Cerrell Associates, a public affairs and environmental PR agency in San

Francisco.



Mattison continues: ’Our PR process is web-shaped. Ideas can be

developed at the group level, the regional level, by individual members

or by our media team.’ When he and others have an idea, they seek out a

volunteer member, an expert on the field in question, to help develop a

plan of action. Not all volunteers have the time to devote toward media

relations and PR strategies, so Sierra Club staff may be asked to step

in. Sierra Club has 17 regional offices, nearly 65 chapters within those

regions and over 400 local groups, which all add to the overall

effort.



Meanwhile, Sierra Club lobbyists in Congress keep a watchful eye on

lawmakers and develop education and media relations programs for each

area. The organization intends to invest five to 10 years in programs to

achieve long-term goals of public awareness and legislative change.

’Sierra Club is a voice that’s not only heard but counted in the realm

of public affairs,’ says Dash. In recent years, Sierra has worked toward

employing at least one lobbyist in each state legislature.



But once again, the key is to act locally while not losing sight of the

big picture. Group members tend to focus on issues in their immediate

communities, extending the four primary campaigns to their own

backyards, while also confronting issues of conservation, clean-up and

sundry local environmental concerns. Snowmobile use may be an issue in

Massachusetts; saving the Redwood trees in California. ’People’s

neighbors are members of Sierra Club. When they raise issues, editors

understand that these ideas come from the community,’ says Mattison.



The recently launched Environmental Voter Education Campaign, an dollars

8 million project of which nearly half will go toward PR and grass-roots

efforts, is a perfect example of the Sierra Club’s various PR cylinders

firing in concert.’We have three goals: educate the public on the

environmental record of their elected officials, get the environmental

issues into local campaigns and lobbying elected officials for change,’

says Dan Weiss, the Sierra Club’s political director. National coverage

is only part of the picture since the main thrust of the campaign is on

local issues.





Targeting political races



Rallies, door-to-door outreach, flyers and voter charts and guides have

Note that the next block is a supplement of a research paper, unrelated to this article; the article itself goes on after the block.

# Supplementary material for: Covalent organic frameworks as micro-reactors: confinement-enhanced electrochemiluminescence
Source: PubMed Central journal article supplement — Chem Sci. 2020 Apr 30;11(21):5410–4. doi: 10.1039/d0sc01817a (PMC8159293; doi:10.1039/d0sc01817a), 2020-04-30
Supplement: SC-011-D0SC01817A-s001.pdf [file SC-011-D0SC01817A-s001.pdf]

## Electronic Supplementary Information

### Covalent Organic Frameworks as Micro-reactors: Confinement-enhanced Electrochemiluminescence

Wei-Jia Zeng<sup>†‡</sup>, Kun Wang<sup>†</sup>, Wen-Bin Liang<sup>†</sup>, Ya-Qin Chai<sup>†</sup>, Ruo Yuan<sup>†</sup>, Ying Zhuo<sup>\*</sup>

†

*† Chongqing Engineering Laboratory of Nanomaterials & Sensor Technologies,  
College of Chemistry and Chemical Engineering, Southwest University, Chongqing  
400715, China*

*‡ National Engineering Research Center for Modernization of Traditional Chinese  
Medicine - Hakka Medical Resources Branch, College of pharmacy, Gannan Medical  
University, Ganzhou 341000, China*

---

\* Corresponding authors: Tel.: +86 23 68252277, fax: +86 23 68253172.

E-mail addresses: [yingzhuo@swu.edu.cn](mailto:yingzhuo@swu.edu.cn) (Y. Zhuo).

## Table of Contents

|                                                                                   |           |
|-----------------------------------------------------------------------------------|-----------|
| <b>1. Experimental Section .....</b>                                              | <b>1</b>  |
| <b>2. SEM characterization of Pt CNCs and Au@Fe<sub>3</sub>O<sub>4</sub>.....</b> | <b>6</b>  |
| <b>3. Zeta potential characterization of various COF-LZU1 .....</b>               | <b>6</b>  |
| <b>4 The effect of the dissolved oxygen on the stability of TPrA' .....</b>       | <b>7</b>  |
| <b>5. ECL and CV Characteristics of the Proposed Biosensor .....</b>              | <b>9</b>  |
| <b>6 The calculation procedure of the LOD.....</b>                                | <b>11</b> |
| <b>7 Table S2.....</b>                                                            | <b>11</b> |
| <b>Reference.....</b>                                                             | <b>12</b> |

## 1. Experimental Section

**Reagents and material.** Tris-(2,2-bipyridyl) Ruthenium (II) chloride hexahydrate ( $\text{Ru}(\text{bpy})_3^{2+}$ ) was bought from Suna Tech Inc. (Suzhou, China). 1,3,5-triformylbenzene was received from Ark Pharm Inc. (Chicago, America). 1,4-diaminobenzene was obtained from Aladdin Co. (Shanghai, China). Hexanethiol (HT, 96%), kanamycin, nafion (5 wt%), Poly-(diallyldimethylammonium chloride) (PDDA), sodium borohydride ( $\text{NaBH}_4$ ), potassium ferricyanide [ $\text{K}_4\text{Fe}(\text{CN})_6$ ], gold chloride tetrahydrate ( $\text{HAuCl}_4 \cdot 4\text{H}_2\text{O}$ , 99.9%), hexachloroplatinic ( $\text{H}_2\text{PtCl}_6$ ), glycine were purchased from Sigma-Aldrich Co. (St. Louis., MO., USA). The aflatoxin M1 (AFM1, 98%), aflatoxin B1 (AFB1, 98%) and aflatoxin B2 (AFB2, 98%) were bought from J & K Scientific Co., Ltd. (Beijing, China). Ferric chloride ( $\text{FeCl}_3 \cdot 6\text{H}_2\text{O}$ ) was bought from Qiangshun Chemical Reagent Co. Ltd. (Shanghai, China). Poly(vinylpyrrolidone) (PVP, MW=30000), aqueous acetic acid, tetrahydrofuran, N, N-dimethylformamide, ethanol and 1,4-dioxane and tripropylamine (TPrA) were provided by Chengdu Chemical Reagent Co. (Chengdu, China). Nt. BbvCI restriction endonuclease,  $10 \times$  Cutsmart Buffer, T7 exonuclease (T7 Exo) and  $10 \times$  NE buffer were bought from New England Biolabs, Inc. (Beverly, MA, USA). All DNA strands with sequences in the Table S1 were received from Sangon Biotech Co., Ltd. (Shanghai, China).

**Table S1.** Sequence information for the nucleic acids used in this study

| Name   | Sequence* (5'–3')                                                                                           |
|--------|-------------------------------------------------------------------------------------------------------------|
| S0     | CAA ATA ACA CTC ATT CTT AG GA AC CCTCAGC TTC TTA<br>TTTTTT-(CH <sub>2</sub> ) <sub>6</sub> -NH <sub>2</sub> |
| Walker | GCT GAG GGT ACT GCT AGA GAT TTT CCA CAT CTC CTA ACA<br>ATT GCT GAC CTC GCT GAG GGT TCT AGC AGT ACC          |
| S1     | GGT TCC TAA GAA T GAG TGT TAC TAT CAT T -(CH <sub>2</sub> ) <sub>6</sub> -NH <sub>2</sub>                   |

been planned for most regions. Sierra Club has targeted close political

races, where ’the most difference can be made,’ Weiss explains. In New

York, senior representative Susan Holmes coordinates information on the

Senate race between Mayor Rudolph Giuliani and Hillary Clinton.

Giuliani’s failure to protect NY drinking water in accord with a 1997

EPA agreement has been revealed in press releases, ads and outreach to

the NY community, Holmes claims.



The wildlands campaign, meanwhile, focuses on saving forests, marshes,

deserts and mountains in danger of development and deforestation. Public

awareness will be fostered through a large grass-roots effort to get

comments on the Draft Environmental Impact Statement. The statement,

produced by the Forest Service, will suggest guidelines for managing

wild forests and comments could impact the measures recommended. Sierra

Club members not only organize local outreach, they also urge community

members to write letters to the editor, call their congressional

representatives and publicly support the cause. With every new voice,

Sierra Club gains greater visibility for the issues it champions.



Of course, with so much focus on the local level, the group’s PR success

is limited by the size of its membership. ’There is more work than there

are volunteers,’ says Peter Muto, chair for the John Muir Chapter of the

Sierra Club. With environmental concerns often getting short shrift from

today’s Internet-crazed media, the Sierra Club needs to keep its

membership rolls full and motivated if it hopes to keep its voice

heard.





SIERRA CLUB



PR chief: Daniel Silverman, media relations director (based in San

Francisco)



PR staff: Allen Mattison, press secretary; six other full-time PR

employees scattered around 16 regional offices. Regional office

directors also handle PR responsibilities.